City reports drop in violent crime in first week of increased Texas DPS presence

The City of Austin says that violent crime numbers have dropped during the first week of the Austin Police Department's partnership with the Texas Department of Public Safety.

According to the city, the number of violent crimes has dropped 25 percent from the average weekly number of violent crimes for the past year. In 2022, there was an average of 89 violent crimes a week, versus 67 in the first week of the partnership.

Also in areas where DPS officers were specifically deployed due to a high volume of calls for assistance, APD says it recorded a 58 percent reduction in violent crime.

Violent crimes include aggravated assault, murder, sexual assault, and robbery.

Some Austin residents are concerned about the Texas DPS’ increased presence in Austin. Others said the help is needed.

In March, City of Austin leaders announced a plan for Texas DPS to assist the Austin Police Department while they’re short-staffed.

"We may have hit rock bottom at this point now because we’ve got some help," Austin Police Retired Officers Association President Dennis Farris said.

Governor Greg Abbott requested Texas DPS assist Austin PD through the creation of the Austin Violent Crimes Task Force. This came after the street takeovers in Austin. A Texas DPS spokesperson said the task force has already stopped three large-scale street takeover events across the city.

"I think that this was coming regardless of whether the city of Austin agreed to it," Farris said.

City leaders said Texas DPS troopers and special agents would help APD with violent crime and traffic issues and provide backup during emergency situations.

"The idea that DPS is going to come in here and just overpower the city is just a false narrative," Farris said.

Some Austin residents are worried because of the lack of information on the front end.

"One of our chief concerns with this so-called partnership is the absolute lack of transparency about the partnership itself and lack of accountability measures that community members in Austin have to hold DPS to account when the state’s police is on the city’s streets," ACLU of Texas Staff Attorney Savannah Kumar said.

A Texas DPS spokesperson broke down what troopers have done from March 30 to April 3:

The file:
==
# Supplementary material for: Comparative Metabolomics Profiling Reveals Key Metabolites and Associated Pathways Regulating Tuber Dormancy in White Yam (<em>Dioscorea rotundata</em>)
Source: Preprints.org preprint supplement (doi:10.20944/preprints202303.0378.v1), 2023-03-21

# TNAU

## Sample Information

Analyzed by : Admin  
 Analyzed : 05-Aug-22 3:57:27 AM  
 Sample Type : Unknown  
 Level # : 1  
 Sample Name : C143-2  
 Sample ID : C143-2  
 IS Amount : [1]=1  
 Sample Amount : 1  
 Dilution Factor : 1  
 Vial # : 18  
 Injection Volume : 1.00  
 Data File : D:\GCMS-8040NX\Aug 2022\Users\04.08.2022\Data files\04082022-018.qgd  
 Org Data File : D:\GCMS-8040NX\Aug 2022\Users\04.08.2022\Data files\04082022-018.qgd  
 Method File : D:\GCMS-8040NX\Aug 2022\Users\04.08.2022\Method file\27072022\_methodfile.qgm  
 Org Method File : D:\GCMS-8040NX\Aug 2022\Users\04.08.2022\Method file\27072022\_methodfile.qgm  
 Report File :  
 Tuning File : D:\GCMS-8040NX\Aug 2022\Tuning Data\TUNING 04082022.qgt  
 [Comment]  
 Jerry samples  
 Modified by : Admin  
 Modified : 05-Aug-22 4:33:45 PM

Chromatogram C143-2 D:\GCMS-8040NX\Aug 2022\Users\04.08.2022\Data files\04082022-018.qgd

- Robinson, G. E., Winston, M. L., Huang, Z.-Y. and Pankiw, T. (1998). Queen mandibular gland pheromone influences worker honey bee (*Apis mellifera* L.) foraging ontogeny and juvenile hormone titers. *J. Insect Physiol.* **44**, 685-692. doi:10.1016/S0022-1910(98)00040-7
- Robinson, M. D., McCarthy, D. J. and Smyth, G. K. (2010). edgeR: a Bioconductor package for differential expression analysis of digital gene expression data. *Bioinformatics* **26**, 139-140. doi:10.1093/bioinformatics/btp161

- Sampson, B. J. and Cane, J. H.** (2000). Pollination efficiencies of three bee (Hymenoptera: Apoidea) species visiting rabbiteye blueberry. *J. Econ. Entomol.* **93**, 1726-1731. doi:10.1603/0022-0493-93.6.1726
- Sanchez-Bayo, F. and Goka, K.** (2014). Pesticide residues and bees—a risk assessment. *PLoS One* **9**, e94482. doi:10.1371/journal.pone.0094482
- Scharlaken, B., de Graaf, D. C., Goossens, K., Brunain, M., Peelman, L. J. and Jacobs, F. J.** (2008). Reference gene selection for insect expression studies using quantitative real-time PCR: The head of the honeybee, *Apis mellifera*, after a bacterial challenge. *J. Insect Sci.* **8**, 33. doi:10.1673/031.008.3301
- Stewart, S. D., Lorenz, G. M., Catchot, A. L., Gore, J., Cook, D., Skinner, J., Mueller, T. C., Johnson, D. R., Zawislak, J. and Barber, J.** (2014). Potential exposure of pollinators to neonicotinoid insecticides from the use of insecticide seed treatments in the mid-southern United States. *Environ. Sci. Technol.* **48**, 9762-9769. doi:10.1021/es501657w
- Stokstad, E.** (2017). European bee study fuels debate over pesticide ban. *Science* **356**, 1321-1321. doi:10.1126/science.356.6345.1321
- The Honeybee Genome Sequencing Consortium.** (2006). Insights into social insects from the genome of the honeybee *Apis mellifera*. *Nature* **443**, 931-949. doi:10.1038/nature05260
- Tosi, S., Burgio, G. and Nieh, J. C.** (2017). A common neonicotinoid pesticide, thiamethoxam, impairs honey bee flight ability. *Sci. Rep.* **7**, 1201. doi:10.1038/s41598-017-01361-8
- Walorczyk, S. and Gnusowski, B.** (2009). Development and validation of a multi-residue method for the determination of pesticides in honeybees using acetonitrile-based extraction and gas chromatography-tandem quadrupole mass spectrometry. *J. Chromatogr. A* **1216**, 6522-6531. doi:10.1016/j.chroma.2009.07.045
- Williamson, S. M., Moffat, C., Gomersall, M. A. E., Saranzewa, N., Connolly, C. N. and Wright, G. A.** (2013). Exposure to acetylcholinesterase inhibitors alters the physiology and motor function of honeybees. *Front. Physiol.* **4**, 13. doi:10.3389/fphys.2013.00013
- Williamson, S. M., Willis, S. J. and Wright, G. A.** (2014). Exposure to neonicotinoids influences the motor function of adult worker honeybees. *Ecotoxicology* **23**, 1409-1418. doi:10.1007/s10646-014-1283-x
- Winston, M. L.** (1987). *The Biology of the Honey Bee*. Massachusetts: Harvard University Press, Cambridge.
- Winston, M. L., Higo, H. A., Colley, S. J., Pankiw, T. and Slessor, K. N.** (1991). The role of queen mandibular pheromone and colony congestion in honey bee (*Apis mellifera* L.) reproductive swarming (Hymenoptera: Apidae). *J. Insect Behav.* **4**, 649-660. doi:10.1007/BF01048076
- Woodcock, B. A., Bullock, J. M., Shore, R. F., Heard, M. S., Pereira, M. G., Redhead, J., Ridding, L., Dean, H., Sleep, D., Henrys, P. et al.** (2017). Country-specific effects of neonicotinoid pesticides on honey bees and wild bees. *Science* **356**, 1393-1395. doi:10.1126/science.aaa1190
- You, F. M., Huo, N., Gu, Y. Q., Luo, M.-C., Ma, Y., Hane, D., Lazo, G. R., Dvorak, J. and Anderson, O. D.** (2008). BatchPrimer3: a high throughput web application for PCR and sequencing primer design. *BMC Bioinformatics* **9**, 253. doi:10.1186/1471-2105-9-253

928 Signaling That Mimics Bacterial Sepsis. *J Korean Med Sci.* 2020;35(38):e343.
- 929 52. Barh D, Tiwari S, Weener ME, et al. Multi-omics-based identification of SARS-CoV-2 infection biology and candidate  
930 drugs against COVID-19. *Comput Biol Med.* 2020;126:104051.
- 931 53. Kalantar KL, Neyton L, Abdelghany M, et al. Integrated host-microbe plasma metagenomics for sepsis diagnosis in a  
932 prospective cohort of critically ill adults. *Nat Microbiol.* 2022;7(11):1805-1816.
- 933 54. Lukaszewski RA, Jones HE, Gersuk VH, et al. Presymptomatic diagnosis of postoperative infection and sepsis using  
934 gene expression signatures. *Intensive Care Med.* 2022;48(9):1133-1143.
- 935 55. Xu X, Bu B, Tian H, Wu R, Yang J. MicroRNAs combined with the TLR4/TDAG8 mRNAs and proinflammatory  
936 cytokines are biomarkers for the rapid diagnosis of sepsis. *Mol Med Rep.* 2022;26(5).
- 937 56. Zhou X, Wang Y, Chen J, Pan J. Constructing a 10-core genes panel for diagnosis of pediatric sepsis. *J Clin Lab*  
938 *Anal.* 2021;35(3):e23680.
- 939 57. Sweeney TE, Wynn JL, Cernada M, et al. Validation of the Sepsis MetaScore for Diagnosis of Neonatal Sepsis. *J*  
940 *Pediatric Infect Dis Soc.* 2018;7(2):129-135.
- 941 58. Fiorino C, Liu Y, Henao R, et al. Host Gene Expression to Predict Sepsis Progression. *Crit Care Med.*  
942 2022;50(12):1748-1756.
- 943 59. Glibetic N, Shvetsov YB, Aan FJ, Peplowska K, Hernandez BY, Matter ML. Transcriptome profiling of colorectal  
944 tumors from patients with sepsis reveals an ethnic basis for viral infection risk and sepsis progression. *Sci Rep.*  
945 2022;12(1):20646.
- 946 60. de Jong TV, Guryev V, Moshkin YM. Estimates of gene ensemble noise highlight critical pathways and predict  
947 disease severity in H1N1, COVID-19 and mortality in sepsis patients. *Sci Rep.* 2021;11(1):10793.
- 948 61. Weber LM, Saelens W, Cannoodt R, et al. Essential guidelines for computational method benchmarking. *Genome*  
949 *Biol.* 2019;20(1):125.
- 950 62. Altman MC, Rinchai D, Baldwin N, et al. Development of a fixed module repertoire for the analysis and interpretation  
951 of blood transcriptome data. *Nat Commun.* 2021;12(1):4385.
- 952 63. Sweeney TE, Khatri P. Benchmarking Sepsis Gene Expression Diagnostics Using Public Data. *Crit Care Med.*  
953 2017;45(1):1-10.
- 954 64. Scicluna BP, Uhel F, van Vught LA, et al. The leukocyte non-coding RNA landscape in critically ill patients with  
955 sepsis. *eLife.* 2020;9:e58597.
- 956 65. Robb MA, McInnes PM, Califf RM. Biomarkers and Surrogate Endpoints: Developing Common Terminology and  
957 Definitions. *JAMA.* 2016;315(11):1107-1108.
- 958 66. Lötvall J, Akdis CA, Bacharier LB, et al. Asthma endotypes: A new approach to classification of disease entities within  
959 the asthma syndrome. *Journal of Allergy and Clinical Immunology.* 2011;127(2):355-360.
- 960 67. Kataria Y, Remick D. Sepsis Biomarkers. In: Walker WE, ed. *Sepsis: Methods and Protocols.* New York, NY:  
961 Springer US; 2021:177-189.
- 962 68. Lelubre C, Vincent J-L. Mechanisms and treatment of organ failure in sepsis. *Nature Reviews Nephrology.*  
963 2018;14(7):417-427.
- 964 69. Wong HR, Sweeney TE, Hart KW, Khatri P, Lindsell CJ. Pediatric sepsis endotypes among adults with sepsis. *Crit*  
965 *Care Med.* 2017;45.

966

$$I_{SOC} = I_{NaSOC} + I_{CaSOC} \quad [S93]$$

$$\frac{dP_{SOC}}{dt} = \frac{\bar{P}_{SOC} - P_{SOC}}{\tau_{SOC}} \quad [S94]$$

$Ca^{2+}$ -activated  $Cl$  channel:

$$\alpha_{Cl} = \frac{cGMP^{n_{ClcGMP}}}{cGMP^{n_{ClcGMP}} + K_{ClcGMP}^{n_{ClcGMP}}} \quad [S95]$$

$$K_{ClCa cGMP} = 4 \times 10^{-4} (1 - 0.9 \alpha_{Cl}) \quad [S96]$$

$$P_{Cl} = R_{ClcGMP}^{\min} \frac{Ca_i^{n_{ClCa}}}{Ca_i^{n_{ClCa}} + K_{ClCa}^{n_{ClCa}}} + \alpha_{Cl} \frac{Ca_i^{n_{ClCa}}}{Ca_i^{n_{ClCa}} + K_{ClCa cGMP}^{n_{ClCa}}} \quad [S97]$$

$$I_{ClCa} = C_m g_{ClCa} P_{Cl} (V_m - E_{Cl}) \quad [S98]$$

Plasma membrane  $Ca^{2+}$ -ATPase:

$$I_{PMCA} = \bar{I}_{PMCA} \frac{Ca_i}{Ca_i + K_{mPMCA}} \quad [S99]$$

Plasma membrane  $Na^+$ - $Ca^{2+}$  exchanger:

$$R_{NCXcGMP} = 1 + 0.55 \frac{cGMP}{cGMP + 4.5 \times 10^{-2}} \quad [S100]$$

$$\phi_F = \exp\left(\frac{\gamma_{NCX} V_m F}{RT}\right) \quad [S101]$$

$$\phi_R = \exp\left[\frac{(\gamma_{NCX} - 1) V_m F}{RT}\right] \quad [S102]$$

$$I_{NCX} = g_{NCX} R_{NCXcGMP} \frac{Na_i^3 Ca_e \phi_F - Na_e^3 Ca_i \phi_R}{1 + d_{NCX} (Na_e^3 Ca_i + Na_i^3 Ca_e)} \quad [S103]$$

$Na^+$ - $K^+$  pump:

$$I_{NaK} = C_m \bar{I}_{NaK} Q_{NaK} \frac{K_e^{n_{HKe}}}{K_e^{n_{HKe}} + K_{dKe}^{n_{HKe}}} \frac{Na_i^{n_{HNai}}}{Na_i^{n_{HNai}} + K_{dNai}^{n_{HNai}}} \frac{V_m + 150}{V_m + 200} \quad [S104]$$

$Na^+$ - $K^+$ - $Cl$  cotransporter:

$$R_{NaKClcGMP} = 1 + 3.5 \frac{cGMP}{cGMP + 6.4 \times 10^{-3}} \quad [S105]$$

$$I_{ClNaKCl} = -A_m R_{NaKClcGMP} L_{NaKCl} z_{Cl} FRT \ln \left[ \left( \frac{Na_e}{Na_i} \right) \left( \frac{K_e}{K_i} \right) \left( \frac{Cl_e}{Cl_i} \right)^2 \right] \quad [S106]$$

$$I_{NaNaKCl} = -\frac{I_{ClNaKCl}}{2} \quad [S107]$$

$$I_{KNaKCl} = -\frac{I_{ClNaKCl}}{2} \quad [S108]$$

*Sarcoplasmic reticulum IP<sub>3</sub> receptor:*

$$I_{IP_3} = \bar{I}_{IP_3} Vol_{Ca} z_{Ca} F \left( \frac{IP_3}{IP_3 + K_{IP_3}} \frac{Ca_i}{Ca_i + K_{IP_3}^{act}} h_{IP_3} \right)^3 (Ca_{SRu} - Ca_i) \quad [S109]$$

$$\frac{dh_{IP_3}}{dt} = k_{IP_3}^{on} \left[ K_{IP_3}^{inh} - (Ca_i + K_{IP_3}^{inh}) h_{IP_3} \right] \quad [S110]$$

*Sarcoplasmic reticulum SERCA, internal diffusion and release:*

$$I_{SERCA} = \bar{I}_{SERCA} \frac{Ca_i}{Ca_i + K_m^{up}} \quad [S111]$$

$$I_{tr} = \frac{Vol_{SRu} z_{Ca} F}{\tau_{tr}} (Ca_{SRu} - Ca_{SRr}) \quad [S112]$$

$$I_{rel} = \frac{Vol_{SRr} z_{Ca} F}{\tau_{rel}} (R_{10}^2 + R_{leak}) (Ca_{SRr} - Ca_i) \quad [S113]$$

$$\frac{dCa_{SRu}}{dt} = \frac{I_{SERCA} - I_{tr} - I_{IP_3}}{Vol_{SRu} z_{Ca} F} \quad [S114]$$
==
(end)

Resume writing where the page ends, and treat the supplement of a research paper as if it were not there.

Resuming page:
• Made more than 1,500 traffic stops
  • Wrote 765 citations
  • Worked 15 crash investigations
  • Made 83 arrests
  • Seized 11 guns
  • Recovered 6 stolen vehicles
  • Seized 174 grams of cocaine, 40 grams of heroin, and 127,415 grams of methamphetamine.

In that same time period, APD said they wrote 223 citations.

"What DPS is doing is what APD did before when they could proactively police where they weren’t running call to call," Farris said.

Kumar said they’ll be digging into the numbers to understand the partnership’s basis and is worried because of Texas DPS’ history.

"We don’t have to look far to see that there was a lack of or there was actually deadly mismanagement during the Uvalde shooting and then in the aftermath of that, a lack of transparency about how decisions were made and what was the cause of the decisions,’ Kumar said. ‘We’ve also seen that there is significant evidence that DPS has engaged in racial profiling as well."

City council members have also requested a briefing on the partnership at Tuesday’s work session to provide, "communities transparency and full understanding of how this partnership will work to uphold Austin’s values."

Farris, a retired APD officer who served on the force for 25 years said the help from DPS is needed.

"Realistically all DPS is doing at this point right now is getting us back to where we were before and that’s not a bad thing,’ Farris said. ‘Austin has got to get their police numbers up."

When the announcement about the partnership was made, APD had 281 vacancies.

The Interim Assistant City Manager, Bruce Mills, said: "We are one week into our partnership with the Texas Department of Public Safety and already are experiencing a positive impact with higher visibility of police presence and lower response times. Chief Chacon is developing a dashboard to track data and quantify the impact of the DPS support, which will be most informative when we have at least a few weeks’ worth of information to be able to compare. In the meantime, we appreciate the extra support which has provided much-needed relief to Austin Police officers as we continue to address staffing shortages. This past weekend particularly, with many high-profile events happening around Austin and an influx of visitors, we benefited from the partnership and look forward to continuing to work together to keep Austinites safe through this busy spring festival season and beyond."

City Council Member Mackenzie Kelly said she delivered a memo with questions to Mills in advance of the council briefing on April 18.